like a terebinth or an oak whose stump remains standing when it is felled. But the holy seed will be the stump in the land.”

“How long, O Lord?” For Isaiah, this question has a tinge of “It’s going to get better, right? If I do this, then this will fix things, right?” God’s answer is not comfortable, but it is the truth. Isaiah’s day is different from ours, but the principle is the same: He is prophesying of the coming exile, and that is not what we are facing. However, so often, we say to God, “God, I’ll do this, now you do that. God, if I do this, then things will get better, right?”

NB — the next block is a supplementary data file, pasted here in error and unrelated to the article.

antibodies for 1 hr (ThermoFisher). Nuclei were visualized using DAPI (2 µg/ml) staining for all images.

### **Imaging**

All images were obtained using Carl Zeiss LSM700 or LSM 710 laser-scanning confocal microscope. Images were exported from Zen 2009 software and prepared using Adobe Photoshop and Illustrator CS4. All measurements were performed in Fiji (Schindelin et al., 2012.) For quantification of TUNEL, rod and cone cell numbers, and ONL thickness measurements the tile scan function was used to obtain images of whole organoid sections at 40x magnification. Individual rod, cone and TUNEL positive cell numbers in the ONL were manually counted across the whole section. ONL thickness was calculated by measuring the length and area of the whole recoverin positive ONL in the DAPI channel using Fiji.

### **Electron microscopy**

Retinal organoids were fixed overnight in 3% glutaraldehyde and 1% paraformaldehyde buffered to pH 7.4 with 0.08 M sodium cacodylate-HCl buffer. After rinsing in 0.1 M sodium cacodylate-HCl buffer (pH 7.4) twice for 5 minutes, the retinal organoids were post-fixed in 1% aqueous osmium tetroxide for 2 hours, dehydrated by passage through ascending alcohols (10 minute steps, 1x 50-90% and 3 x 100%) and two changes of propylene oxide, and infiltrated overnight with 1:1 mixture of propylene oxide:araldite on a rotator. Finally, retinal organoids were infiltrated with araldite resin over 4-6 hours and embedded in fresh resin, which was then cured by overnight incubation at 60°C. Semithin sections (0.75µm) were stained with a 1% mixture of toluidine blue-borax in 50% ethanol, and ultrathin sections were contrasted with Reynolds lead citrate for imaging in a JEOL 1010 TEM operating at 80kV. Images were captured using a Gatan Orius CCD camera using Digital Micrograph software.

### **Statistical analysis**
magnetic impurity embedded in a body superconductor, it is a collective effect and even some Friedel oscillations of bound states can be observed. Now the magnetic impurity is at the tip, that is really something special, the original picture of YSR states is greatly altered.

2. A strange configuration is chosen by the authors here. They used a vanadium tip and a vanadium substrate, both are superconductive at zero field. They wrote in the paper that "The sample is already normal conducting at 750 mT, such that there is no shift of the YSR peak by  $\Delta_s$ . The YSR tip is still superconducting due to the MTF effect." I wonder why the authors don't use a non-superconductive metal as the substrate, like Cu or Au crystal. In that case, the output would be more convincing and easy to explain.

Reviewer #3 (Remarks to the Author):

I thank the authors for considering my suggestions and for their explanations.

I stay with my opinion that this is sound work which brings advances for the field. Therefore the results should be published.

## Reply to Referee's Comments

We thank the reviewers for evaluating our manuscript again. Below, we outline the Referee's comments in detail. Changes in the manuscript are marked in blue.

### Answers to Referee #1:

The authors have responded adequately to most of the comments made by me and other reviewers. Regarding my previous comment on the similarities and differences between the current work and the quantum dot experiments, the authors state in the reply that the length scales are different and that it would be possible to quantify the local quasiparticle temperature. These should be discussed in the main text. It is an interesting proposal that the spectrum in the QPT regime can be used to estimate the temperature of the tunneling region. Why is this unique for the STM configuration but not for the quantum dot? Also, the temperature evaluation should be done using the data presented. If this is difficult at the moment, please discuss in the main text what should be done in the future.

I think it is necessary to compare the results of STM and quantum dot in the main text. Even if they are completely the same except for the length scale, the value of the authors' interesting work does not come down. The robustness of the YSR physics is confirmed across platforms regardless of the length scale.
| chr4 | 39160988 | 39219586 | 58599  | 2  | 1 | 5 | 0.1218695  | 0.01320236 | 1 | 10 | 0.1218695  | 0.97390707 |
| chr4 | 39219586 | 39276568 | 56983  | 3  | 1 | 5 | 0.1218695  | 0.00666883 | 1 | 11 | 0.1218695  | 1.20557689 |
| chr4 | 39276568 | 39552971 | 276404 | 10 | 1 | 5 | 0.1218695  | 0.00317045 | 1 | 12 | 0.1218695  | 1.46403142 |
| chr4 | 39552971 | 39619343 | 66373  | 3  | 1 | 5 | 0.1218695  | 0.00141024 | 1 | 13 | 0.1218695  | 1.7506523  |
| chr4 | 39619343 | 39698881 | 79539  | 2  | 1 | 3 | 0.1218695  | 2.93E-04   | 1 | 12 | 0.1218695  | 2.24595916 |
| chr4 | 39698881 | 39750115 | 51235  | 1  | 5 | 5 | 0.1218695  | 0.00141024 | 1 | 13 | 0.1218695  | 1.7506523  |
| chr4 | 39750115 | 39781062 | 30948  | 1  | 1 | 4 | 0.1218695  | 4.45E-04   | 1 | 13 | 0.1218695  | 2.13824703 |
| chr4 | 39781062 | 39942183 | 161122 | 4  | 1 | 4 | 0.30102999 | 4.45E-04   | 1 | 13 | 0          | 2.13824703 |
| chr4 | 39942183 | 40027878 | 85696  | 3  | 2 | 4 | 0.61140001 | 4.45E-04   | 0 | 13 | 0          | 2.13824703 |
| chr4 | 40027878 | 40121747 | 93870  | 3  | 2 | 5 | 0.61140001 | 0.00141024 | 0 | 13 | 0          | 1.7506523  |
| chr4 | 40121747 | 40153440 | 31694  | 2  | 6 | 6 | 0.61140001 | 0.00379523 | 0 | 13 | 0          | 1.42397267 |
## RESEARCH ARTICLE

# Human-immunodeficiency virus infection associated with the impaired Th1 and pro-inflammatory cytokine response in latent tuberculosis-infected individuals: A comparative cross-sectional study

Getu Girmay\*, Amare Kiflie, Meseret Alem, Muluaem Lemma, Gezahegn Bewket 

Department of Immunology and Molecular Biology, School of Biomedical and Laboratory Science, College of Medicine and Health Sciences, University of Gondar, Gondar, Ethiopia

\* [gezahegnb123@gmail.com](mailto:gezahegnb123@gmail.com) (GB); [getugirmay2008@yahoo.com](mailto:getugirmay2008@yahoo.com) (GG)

Our choices matter, and so this election matters. But will it solve everything? We all know that it won’t.

How long, O Lord? How long do we have to do this? Will things get better? The real question before us today is this: even if things keep getting worse first, will we still choose Christ?

God says to Isaiah that amongst the desolation, a holy seed is planted: We know that as we walk into the uncertainty of the future, we carry this hope within our hearts:

Christ had died, Christ has risen, Christ will come again.

In a world of despair and apathy, God says, “Whom shall I send?” Will Billtown Baptist answer, “Send us, Lord! No matter what, we will go!”

Today, after church, think well about the issues. Discuss how to get involved, how to live change, how we can care for the least in our communities. Tomorrow, go out and vote. The day after, remember Jesus is still king, and no matter what, we are going to keep following him.